Category Archives: veganism

The 2005 documentary Earthlings

I saw Earthlings for the first time today, although I had heard of it before. Joaquin Phoenix’s narration is masterful, but the footage is very upsetting to watch. I have been either vegetarian or vegan since 1989, so it wasn’t likely that the movie would change any of my beliefs in any serious way. The one belief it did change was that there is a movie out there that is so powerful that I believe every unconscious carnivore who watches it will have an epiphany.

We and our fellow species are all earthlings and this planet will live or die without us all. There is no way we can survive on this planet without the other species to preserve our biosphere. both planets and animals. If I can’t get you to watch Earthlings, a brilliant movie, may I suggest you at least look at the video found here. This video shows why it is necessary for us to allow predators to return to our national treasures, and why the cattlemen’s desire to kill the wolves is short-sighted and selfish. If we can’t protect the wolves by all going vegan, at least we should protect them for restoring Yellowstone for us. If you will watch only one of the two videos I’ve referenced here, watch the second one. But if you’re brave, go for both!

Vegans and Almond Milk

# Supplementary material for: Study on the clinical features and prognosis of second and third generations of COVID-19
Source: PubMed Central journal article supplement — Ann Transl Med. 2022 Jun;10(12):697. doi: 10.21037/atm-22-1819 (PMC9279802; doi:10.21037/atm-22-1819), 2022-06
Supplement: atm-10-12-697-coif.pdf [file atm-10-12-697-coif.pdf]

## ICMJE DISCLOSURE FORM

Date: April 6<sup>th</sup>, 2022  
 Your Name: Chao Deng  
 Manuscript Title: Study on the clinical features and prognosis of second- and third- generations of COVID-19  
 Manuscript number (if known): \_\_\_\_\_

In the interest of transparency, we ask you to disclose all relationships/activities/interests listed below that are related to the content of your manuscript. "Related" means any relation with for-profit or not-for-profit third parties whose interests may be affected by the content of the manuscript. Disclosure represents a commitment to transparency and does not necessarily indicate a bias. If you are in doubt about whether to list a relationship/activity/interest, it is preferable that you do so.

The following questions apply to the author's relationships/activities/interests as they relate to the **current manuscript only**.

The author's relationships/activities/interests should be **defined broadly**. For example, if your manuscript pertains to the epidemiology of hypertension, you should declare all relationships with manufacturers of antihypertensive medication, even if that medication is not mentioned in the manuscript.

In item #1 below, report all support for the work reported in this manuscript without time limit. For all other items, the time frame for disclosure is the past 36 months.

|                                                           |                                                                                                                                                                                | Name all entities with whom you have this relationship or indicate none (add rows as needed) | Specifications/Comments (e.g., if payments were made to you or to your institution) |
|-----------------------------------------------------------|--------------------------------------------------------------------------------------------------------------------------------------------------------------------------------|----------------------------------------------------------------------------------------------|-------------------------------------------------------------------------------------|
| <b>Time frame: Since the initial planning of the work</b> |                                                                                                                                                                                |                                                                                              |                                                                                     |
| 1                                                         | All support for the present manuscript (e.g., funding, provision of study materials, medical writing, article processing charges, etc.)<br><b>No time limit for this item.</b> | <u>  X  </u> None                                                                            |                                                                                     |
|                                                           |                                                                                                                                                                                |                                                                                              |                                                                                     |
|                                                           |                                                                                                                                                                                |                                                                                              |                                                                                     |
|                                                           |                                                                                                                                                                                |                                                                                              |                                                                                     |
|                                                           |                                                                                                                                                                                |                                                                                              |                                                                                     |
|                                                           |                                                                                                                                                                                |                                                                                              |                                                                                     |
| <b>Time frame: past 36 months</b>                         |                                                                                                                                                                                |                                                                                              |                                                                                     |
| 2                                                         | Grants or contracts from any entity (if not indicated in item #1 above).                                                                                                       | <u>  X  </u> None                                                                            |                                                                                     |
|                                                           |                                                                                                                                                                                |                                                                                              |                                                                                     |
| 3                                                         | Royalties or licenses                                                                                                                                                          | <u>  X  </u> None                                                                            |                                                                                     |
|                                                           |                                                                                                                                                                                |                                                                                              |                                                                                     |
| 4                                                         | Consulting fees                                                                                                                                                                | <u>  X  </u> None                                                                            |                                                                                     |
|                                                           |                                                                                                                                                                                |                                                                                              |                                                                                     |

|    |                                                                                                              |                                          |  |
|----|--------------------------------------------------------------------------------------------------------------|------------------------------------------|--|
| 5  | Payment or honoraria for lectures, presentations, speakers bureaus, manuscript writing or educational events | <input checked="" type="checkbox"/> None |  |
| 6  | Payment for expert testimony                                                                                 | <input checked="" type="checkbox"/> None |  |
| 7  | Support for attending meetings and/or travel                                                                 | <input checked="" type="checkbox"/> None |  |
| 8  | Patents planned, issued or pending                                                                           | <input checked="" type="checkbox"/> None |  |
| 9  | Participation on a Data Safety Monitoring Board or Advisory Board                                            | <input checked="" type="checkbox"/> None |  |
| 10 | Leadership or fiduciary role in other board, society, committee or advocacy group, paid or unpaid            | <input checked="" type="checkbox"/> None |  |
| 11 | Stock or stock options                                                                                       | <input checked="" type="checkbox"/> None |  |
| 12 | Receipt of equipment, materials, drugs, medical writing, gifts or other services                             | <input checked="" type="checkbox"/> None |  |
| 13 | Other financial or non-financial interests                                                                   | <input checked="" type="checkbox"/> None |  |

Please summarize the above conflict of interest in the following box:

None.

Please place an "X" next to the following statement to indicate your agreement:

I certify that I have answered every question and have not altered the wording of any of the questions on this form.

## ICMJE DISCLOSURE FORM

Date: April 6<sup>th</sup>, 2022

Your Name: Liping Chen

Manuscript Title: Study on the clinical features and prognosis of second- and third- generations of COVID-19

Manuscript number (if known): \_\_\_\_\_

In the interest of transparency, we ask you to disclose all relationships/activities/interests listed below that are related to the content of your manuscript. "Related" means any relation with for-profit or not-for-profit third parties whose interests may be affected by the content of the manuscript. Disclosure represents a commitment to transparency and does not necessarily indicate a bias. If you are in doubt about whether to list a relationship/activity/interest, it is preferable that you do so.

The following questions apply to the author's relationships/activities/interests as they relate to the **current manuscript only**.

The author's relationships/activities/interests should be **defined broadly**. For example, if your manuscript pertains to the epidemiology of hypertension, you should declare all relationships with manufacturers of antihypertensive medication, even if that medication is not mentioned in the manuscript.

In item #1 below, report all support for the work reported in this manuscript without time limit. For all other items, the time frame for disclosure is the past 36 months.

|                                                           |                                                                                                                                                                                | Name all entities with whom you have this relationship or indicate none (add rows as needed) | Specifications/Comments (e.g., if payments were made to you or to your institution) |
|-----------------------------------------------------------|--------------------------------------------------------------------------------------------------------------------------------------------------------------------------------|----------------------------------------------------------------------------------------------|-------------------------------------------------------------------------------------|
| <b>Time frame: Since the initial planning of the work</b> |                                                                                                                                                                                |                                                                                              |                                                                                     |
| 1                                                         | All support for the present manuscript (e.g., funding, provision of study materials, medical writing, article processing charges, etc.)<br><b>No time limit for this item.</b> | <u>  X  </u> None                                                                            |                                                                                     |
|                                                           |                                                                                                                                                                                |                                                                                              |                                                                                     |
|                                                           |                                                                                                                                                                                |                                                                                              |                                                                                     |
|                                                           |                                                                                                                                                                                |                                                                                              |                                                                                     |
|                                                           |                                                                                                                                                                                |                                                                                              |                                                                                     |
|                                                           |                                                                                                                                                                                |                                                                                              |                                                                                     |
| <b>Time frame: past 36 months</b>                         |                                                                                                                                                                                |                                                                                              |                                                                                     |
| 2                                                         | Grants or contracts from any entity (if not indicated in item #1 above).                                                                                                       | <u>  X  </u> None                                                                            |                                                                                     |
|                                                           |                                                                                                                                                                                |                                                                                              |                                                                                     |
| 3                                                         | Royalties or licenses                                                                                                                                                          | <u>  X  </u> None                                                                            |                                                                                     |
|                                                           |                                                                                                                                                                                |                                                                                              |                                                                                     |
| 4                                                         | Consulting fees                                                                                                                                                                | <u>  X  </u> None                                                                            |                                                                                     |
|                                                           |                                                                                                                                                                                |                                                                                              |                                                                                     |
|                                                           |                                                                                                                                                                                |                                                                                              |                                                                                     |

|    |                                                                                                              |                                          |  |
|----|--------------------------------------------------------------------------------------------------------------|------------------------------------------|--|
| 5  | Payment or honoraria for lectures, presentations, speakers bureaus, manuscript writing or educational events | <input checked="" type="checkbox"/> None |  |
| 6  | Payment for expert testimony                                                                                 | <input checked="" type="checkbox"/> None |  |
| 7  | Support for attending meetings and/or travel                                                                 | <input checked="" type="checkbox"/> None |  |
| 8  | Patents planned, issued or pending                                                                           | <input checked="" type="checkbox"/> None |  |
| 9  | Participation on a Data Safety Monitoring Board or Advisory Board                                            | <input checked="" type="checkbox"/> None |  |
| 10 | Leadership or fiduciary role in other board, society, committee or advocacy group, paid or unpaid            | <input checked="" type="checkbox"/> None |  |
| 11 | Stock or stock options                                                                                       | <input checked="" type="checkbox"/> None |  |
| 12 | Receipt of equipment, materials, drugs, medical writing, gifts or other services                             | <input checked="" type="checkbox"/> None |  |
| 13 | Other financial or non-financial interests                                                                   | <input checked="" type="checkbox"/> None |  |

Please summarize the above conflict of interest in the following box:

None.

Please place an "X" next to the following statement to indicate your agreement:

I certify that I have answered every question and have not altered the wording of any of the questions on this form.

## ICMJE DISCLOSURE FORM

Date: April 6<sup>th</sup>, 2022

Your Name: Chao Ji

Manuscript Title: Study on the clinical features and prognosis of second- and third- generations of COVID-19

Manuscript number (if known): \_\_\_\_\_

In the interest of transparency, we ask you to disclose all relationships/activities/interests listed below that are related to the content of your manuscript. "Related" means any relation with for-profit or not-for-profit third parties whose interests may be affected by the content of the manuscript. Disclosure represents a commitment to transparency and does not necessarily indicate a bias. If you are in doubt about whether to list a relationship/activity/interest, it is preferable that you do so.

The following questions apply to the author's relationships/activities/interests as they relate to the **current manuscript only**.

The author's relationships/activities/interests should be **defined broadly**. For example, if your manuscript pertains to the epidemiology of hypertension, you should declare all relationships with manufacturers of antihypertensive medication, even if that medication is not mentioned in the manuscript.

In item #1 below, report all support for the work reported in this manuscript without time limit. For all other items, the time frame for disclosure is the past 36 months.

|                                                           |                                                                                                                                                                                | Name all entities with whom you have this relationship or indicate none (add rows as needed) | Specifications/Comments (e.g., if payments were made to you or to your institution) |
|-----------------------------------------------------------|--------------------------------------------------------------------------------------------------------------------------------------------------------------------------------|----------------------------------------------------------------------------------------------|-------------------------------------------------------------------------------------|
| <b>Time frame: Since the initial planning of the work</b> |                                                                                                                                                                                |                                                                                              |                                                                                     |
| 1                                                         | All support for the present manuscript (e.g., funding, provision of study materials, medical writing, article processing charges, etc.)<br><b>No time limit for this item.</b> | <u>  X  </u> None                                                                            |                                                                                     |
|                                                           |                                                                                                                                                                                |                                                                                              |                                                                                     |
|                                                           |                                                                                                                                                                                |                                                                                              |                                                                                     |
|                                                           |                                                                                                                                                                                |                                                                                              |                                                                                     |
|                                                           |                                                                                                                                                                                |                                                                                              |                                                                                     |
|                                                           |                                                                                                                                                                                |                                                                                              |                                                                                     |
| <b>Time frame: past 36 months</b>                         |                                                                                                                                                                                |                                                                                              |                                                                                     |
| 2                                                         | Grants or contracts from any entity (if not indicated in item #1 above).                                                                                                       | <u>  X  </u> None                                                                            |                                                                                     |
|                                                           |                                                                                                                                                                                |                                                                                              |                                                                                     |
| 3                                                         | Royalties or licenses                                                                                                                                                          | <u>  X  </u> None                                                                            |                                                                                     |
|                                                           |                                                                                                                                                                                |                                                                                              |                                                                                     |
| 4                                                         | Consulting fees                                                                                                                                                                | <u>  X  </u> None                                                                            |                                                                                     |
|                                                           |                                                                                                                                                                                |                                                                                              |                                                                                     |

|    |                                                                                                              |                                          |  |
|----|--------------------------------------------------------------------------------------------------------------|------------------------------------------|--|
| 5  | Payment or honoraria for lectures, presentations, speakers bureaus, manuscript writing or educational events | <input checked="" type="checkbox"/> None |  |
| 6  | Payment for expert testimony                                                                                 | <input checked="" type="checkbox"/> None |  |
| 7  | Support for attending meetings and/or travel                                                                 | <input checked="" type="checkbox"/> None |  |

I notice that many vegan cookbooks and websites are promoting almond milk as a preferred “milk” product for recipes and drinking, and I wonder if all these writers are aware of the danger that California’s almond growers are causing for honeybees.

Honeybees and their hives are trucked in to almond groves in order to pollinate the trees to allow the production of the nuts. These honeybees are exposed to herbicides and pesticides that are used in many of the groves that are not organic. There is no dedicated source of honeybee pollinators for organic groves, although some have their own colonies or hives. The almond milk you are using may well come at dreadful cost to the pollinators that make it possible.

Honeybees have immune systems facilitated by fungi in their hives. When they’re pollinating the almond orchards, they’re being exposed to ongoing spraying of chemicals that attach to their hairs and wings and are carried back to the hive. There is obviously damage done to their health and well-being by this abusive use of them.

Honeybees currently are essential to most vegan lifestyles as they pollinate on organic farms as well as corporate farms. Most of what vegans eat we eat as a result of the honeybees’ hard work. Honeybees are threatened as I think most people know. The only way they are surviving now is in these corporate abusive settings or in regenerative, sustainable beekeeping by small, local producers.

We need honeybees, as the world would be devastated without them. Much of the plant kingdom is reliant on them for fertilization and propagation. Without small beekeeping practices around this country, the variety and wealth of our biosphere would suffer and deteriorate. Do we not owe it to these fabulous insects to support those who are willing to do the hard work of nurturing and saving them? I, for one, am willing to use honey from such a source, and if that makes me less of a vegan, so be it. At the Bee Boys in Hawai’i say it, I guess I’m a beegan.